Terran Young (left) and Cleveland Holmes stand by a basketball goal as Coach Beau Haynes watches Donnie Diket try to keep Terry Kendrick Jr. from making a goal.
How a community basketball LEAGUE in the Irish Channel has paid off for the players, the residents and the neighborhood
BY ALEJANDRO DE LOS RIOS, sports writer, Gambit Weekly
On May 23, dozens of kids and their parents — along with a handful of city and state representatives — gathered at Burke Park in the Irish Channel to watch a community basketball league’s championship game. It was a crowning achievement — not because of which team won or because any young b-ball prodigy emerged, but because of how far the park, and the community, has come since Hurricane Katrina.
For years, Burke Park has been a hub for children in the Irish Channel. Located within walking distance of a number of schools, the park often teemed with kids on the basketball court and baseball field every afternoon. Ronald Harness, a lifelong resident of the Irish Channel, says the lack of supervision was a problem.
“There was a lot of drug activities and fights in the park and kids just doing nothing,” he says. “Older kids were in there, not doing the right thing, and [the New Orleans Recreation Department] (NORD) wasn’t putting anyone in the park to supervise.”
Harness isn’t the only person who noticed the kids in Burke Park could use some supervision and guidance. Earlier this year, Jason Nix and wife Ashlee Robinson, Irish Channel residents for the past six years, began talking about starting a community basketball league run entirely by volunteers from the Irish Channel.
“There’s a need in this neighborhood for activities for these kids,” Nix said. “When I was a kid, I started playing school ball when I was 11 or 12 and they don’t do that here.”
Nix and Robinson bought basketball equipment and put up flyers advertising the league. With the blessing of Irish Channel Neighborhood Association President Ed McGinnis and several other residents, Nix set a date for tryouts and the Irish Channel Basketball League was formed.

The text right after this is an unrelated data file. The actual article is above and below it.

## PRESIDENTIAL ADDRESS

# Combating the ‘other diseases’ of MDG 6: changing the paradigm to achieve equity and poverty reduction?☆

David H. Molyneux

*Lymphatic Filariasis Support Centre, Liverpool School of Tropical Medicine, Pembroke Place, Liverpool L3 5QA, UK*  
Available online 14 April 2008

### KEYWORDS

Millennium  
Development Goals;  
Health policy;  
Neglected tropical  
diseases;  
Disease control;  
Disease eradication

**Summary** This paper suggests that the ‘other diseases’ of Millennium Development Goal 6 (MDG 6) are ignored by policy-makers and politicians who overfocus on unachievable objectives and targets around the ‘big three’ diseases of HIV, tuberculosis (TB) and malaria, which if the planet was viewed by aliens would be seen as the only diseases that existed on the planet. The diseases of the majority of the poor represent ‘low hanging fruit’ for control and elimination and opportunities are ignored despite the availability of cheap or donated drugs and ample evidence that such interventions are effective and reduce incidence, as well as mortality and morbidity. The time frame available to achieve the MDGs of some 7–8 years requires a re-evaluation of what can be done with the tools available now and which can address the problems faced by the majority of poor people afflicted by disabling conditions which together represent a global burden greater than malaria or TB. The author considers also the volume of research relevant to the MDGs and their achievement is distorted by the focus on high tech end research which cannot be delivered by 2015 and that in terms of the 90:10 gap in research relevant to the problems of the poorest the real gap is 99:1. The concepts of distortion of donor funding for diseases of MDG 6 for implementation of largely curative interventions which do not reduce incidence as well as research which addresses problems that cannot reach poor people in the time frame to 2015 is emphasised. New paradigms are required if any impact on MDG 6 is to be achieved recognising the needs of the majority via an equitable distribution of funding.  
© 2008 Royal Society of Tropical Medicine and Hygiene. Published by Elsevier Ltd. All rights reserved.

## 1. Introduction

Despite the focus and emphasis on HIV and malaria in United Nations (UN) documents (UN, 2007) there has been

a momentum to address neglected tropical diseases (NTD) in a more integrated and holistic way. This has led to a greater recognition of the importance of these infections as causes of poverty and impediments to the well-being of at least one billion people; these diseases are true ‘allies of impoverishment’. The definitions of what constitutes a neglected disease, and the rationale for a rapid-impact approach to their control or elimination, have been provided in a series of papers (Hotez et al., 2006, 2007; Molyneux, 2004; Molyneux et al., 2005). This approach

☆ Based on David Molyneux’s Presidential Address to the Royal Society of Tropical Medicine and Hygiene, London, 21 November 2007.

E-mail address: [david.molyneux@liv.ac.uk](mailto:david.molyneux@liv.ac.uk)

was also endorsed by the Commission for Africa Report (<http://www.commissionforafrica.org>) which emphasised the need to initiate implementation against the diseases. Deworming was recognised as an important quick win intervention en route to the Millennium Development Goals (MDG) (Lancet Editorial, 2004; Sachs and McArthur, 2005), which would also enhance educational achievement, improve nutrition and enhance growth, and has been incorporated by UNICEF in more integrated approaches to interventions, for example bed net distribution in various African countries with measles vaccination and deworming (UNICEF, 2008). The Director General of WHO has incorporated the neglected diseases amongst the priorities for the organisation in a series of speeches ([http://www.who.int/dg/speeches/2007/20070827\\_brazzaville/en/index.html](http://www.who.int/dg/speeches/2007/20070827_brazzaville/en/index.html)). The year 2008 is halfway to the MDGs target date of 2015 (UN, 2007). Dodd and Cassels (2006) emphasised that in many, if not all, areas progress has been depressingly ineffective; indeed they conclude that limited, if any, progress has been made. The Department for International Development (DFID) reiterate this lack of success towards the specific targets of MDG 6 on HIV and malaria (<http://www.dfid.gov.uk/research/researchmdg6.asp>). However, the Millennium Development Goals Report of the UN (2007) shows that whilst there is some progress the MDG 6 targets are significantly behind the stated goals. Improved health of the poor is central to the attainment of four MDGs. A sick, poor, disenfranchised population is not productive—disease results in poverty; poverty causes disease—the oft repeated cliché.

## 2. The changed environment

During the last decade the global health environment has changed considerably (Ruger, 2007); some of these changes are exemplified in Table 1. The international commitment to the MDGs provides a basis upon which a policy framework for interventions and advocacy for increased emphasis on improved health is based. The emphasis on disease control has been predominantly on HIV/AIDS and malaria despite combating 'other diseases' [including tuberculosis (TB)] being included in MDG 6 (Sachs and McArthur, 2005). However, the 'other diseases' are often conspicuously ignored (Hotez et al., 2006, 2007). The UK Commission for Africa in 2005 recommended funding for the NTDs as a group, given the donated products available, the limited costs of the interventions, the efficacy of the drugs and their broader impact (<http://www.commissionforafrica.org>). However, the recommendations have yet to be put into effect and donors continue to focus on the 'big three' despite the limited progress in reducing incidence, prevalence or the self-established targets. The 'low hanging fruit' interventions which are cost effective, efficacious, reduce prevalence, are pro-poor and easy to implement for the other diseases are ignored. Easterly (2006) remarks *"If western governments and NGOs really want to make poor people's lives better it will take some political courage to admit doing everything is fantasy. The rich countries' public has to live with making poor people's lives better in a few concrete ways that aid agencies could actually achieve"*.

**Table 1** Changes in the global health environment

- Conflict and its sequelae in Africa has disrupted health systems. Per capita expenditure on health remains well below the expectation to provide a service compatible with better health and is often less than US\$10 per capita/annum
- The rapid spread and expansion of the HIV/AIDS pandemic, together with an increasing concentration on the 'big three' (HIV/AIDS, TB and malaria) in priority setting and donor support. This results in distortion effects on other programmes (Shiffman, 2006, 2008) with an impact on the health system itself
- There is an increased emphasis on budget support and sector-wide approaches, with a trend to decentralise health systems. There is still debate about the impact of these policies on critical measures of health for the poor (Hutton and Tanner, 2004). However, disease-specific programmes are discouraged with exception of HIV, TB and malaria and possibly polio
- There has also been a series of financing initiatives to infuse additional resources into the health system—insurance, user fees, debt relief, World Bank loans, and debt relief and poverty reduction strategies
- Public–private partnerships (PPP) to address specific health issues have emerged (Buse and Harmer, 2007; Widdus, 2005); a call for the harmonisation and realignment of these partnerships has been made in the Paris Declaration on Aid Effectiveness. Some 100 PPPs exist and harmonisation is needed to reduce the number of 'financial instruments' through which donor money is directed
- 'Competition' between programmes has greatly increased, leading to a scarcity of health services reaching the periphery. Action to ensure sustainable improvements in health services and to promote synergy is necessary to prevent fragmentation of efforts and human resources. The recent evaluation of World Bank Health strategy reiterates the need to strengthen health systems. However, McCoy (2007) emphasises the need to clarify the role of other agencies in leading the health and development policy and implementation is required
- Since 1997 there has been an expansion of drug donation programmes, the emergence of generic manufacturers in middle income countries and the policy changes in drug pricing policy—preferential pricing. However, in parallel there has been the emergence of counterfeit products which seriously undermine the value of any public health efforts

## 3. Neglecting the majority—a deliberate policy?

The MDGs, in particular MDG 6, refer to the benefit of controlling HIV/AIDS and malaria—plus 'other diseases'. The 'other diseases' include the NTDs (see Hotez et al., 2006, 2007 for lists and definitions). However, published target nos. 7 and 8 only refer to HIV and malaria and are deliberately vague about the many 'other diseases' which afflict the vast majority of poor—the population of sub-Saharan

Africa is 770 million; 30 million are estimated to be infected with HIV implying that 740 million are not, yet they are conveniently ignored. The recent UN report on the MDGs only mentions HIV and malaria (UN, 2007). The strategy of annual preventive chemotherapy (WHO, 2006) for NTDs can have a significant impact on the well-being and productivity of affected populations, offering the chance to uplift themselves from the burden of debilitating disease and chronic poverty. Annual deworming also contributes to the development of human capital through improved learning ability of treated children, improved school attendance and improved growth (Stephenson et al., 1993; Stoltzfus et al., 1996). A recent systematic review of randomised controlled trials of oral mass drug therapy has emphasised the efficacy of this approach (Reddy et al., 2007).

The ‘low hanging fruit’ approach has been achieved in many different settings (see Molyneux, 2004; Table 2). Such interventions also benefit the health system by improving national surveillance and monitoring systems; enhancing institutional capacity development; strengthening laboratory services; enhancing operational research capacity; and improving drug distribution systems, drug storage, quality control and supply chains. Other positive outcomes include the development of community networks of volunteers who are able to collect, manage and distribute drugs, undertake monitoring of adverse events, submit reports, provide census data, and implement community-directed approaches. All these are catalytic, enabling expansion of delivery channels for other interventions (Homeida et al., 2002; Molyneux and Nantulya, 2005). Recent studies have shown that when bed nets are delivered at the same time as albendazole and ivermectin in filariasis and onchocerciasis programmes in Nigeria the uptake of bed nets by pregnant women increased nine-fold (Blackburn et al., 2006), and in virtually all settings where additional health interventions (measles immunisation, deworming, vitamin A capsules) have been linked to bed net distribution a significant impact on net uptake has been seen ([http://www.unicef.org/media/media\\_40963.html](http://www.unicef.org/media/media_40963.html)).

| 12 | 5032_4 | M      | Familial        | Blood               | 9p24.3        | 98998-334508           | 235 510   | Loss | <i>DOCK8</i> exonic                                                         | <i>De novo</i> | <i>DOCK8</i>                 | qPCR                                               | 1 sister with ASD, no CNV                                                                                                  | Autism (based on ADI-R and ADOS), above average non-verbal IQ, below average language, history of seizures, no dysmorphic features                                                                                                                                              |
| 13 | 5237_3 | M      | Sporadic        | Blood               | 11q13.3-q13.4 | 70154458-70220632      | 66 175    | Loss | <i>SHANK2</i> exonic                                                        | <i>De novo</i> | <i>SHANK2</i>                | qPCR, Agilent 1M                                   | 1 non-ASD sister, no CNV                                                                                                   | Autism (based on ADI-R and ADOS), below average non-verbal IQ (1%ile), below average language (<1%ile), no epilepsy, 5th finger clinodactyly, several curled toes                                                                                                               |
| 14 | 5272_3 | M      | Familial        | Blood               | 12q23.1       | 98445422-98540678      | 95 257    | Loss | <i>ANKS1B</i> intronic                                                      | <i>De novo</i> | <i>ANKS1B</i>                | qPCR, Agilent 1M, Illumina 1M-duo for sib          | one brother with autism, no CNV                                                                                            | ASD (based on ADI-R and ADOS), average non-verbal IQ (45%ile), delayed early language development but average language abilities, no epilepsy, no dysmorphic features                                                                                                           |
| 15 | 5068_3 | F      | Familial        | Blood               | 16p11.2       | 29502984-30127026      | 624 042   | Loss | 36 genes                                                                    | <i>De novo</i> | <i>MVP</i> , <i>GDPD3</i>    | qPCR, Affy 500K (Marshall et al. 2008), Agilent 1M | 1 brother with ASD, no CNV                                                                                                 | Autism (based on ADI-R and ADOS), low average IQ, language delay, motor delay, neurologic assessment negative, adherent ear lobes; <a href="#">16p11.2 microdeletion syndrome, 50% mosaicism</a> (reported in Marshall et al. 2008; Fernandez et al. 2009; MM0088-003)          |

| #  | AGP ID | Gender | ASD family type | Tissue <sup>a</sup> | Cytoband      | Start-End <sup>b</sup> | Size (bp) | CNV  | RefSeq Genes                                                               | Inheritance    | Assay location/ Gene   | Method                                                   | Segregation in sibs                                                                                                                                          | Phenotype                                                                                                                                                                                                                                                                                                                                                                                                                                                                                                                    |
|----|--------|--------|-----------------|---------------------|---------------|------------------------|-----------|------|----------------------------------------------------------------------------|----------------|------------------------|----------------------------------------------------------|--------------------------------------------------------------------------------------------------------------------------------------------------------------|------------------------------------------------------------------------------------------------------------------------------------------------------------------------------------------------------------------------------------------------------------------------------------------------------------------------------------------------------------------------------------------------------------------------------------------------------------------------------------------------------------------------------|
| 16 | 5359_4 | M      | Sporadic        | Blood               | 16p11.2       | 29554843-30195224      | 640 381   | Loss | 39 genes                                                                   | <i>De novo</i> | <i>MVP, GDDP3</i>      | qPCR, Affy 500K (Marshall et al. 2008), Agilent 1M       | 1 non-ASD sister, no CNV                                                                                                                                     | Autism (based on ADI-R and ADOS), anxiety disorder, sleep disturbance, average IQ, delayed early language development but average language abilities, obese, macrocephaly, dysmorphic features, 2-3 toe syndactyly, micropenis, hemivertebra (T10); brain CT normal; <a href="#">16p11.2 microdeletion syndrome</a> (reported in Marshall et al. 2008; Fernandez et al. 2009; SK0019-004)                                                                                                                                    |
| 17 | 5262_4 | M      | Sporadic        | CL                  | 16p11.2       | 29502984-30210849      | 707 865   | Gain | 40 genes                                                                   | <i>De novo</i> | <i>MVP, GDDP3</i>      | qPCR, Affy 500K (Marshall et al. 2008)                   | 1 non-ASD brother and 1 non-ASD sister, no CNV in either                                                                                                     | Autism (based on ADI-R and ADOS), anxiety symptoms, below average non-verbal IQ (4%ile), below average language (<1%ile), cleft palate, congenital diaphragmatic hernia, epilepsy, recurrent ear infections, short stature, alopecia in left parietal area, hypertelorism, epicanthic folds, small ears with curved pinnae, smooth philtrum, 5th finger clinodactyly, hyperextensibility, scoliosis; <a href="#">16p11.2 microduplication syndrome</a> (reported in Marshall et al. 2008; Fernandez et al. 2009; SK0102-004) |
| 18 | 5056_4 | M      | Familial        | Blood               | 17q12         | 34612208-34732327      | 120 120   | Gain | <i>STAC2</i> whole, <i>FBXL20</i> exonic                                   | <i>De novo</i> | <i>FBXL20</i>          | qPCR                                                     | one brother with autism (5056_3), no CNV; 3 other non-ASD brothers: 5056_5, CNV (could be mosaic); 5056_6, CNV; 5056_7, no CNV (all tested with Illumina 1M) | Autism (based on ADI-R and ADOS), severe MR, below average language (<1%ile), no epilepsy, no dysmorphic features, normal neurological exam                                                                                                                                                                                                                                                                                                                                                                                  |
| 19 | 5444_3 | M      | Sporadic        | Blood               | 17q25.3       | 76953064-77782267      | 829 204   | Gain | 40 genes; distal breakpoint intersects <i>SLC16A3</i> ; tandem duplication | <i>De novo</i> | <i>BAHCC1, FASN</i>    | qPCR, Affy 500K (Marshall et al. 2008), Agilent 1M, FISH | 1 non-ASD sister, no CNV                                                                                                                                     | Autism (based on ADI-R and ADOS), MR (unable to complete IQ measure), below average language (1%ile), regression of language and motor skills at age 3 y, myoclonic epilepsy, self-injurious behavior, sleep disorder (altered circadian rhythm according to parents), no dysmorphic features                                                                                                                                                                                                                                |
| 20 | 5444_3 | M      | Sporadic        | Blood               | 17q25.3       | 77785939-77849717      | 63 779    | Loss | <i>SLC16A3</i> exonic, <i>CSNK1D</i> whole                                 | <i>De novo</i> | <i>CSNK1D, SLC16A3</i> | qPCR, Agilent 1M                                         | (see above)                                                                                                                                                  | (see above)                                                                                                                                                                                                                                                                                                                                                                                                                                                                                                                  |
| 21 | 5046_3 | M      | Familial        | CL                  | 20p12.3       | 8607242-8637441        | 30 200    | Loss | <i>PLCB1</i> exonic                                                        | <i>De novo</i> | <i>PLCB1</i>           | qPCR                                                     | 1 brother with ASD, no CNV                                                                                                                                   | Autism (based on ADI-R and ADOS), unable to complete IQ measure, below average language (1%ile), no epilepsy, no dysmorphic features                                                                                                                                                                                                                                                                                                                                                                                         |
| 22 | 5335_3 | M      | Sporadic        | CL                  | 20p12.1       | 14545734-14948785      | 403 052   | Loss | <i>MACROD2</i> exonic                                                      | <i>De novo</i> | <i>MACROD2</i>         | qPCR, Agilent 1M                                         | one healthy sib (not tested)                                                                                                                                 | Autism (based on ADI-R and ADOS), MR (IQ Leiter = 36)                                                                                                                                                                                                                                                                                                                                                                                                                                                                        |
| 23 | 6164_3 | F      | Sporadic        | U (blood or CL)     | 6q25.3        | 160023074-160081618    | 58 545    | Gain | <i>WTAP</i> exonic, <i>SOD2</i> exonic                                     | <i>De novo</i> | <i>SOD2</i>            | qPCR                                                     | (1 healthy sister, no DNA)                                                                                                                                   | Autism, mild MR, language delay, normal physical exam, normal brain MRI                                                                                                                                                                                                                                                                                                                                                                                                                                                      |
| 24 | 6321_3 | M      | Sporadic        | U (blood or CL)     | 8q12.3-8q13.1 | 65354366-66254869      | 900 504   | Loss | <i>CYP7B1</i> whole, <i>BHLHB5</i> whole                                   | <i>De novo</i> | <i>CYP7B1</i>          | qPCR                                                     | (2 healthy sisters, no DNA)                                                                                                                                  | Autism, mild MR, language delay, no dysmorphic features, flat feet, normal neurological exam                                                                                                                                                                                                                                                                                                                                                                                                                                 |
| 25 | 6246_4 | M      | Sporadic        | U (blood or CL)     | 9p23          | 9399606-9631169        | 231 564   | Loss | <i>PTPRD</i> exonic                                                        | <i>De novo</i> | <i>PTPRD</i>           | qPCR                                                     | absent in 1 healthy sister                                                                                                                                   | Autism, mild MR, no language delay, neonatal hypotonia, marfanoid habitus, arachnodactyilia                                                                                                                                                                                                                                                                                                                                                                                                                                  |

“We saw a way to jump in here and get this started without going through a bunch of red tape,” Nix says. “The gates weren’t locked, so we jumped in here and started this up.”
After two Saturdays, more than 50 kids showed up to try out for the newly formed league; Nix estimates that around 35 to 40 are still playing. The league has been so successful that Nix would like to do it again in a couple of weeks; he’s toying with the idea of expanding to other sports and neighborhoods.
Terry Kendrick Jr., a 13-year-old Irish Channel resident and basketball league member says that before Nix and the other volunteers arrived, he and his friends would mostly just play street ball without paying much attention to rules or how the game should be played. Kendrick says that as soon as he saw the flyers advertising the league, he knew he wanted to join.
“I was excited because I’ve never really played for a team,” he says. “It’s fun meeting people and starting new friendships. It’s hard because it’s not a one-man game; you have to pass the ball and learn the rules.”
The league has also united the community in other ways. Take, for instance, a practice on May 21: Led by volunteer coach Beau Haynes, a dozen kids lined up on the baseline to run wind sprints after organized drills. For a white man to earn enough respect from inner-city black kids that they voluntarily do wind sprints after just a few weeks seems extraordinary. But Haynes, who was born in New Orleans but raised in Indiana, says it was all a matter of showing the children that he and his fellow coaches were committed to the league.